Inspector General Act of 1978

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Inspector General Act of 1978
Great Seal of the United States
Long titleAn Act to reorganize the executive branch of the Government and increase its economy and efficiency by establishing Offices of Inspector General within the Departments of Agriculture, Commerce, Housing and Urban Development, the Interior, Labor, and Transportation, and within the Community Services Administration, the Environmental Protection Agency, the General Services Administration, the National Aeronautics and Space Administration, the Small Business Administration, and the Veterans' Administration, and for other purposes.
Enacted bythe 95th United States Congress
EffectiveOctober 1, 1978
Public law95−452
Statutes at Large92 Stat. 1101 aka 92 Stat. 1101
Legislative history
  • Signed into law by President Jimmy Carter on October 12, 1978

The Inspector General Act of 1978 is a United States federal law (92 Stat. 1101) defining a standard set of Inspector General offices across several specified departments of the U.S. federal government.

The Act specifically creates Inspector General positions and offices in more than a dozen specific departments and agencies. The Act gave these inspectors general the authority to review the internal documents of their departments or offices. They were given responsibility to investigate fraud, to give policy advice (section 4), to handle certain complaints by employees, and to report to the heads of their agencies and to Congress on their activities every six months (section 5).

Many existing offices with names like Office of Audit, Office of Investigations, or similar were transferred, renamed, folded into the new IG offices.[1][2]

The core of the law is in Section 3a: "There shall be at the head of each Office an Inspector General who shall be appointed by the President, without regard to political affiliation and solely on the basis of integrity and demonstrated ability in accounting, auditing, financial analysis, law, management analysis, public administration, or investigations. Each Inspector General shall report to and be under the general supervision of the head of the establishment involved or, to the extent such authority is delegated, the officer next in rank below such head, but shall not report to, or be subject to supervision by, any other officer of such establishment. Neither the head of the establishment nor the officer next in rank below such head shall prevent or prohibit the Inspector General from initiating, carrying out, or completing any audit or investigation, or from issuing any subpoena during the course of any audit or investigation."[2]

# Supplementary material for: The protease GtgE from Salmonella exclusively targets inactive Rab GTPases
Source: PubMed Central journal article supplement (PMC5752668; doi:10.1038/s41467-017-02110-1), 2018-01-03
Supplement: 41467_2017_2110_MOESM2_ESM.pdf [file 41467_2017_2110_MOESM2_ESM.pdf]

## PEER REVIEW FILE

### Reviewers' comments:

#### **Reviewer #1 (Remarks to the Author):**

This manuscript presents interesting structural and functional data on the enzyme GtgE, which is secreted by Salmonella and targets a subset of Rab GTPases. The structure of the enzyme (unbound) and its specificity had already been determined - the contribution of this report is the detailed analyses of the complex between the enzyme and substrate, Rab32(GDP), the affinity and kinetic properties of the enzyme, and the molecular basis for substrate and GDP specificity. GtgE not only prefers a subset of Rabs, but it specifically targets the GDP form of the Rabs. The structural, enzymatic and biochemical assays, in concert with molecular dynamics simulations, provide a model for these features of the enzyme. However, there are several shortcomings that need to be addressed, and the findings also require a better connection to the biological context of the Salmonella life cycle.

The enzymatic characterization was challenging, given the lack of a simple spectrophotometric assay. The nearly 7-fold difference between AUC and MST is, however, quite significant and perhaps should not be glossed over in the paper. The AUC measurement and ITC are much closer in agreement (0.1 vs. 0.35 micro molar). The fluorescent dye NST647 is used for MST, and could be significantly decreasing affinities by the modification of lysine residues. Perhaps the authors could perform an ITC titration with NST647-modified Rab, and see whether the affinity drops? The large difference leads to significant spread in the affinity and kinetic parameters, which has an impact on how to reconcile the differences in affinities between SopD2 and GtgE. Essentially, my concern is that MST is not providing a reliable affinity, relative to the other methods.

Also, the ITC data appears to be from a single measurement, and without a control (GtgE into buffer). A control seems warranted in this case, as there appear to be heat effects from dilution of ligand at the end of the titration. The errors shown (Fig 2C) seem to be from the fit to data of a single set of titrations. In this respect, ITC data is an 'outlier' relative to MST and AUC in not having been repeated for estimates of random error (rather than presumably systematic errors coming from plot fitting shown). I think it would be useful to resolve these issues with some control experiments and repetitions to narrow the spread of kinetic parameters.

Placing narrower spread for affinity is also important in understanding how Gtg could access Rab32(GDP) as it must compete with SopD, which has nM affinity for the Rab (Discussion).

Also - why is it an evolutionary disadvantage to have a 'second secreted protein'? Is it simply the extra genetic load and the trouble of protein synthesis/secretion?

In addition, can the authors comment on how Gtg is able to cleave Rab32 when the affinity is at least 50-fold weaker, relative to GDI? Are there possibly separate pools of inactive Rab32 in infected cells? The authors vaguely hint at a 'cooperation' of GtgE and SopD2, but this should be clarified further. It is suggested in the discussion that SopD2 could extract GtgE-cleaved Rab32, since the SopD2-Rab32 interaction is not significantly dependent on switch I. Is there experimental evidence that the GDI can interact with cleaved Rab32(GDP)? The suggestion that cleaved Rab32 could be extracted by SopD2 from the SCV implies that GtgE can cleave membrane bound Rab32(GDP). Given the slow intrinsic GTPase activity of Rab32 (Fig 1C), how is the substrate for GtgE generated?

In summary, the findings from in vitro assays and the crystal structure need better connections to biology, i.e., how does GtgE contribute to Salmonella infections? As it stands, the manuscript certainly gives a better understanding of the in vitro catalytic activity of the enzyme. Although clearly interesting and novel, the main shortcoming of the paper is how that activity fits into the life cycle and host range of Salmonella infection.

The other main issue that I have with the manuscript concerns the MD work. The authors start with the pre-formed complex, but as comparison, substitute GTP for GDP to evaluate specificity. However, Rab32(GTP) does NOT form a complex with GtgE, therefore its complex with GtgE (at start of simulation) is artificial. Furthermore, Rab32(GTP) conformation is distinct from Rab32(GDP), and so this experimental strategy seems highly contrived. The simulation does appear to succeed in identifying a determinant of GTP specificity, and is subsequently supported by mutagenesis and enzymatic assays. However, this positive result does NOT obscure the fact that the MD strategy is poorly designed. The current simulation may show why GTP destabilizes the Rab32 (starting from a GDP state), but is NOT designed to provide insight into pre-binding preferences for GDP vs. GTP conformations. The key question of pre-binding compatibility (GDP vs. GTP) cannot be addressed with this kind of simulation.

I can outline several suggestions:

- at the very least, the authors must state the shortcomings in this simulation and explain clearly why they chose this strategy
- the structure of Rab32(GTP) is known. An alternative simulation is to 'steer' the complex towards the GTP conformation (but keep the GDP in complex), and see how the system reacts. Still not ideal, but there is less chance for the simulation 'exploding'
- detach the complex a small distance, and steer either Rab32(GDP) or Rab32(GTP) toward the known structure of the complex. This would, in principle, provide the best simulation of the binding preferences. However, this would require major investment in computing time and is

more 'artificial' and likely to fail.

The Act and the Inspector General role were amended thirty years later by the Inspector General Reform Act of 2008,[3] which created the umbrella IG agency, Council of the Inspectors General on Integrity and Efficiency (CIGIE).

In May 2020, after a series of IG firings for questionable causes, several House Democrats introduced a bill, H.R.6984, to amend the original act to protect against political retaliation and require just cause for IG dismissal.[4][5][6]


  1. ^ Section 9 of the Act
  2. ^ a b Full text of the Inspector General Act of 1978 on
  3. ^ Inspector General Reform Act of 2008, aka Public Law 110-409
  4. ^ Breuninger, Kevin (May 22, 2020). "House Democrats introduce inspector general protection bill after Trump fires several watchdogs". CNBC. Retrieved May 22, 2020.
  5. ^ Perez, Matt (May 22, 2020). "House Democrats Introduce Bill Limiting Trump's Ability To Fire Inspectors General". Forbes. Retrieved May 22, 2020.{{cite web}}: CS1 maint: url-status (link)
  6. ^ Haynes, Danielle (May 22, 2020). "House Democrats seek protections for inspectors general". UPI. Retrieved May 22, 2020.{{cite web}}: CS1 maint: url-status (link)

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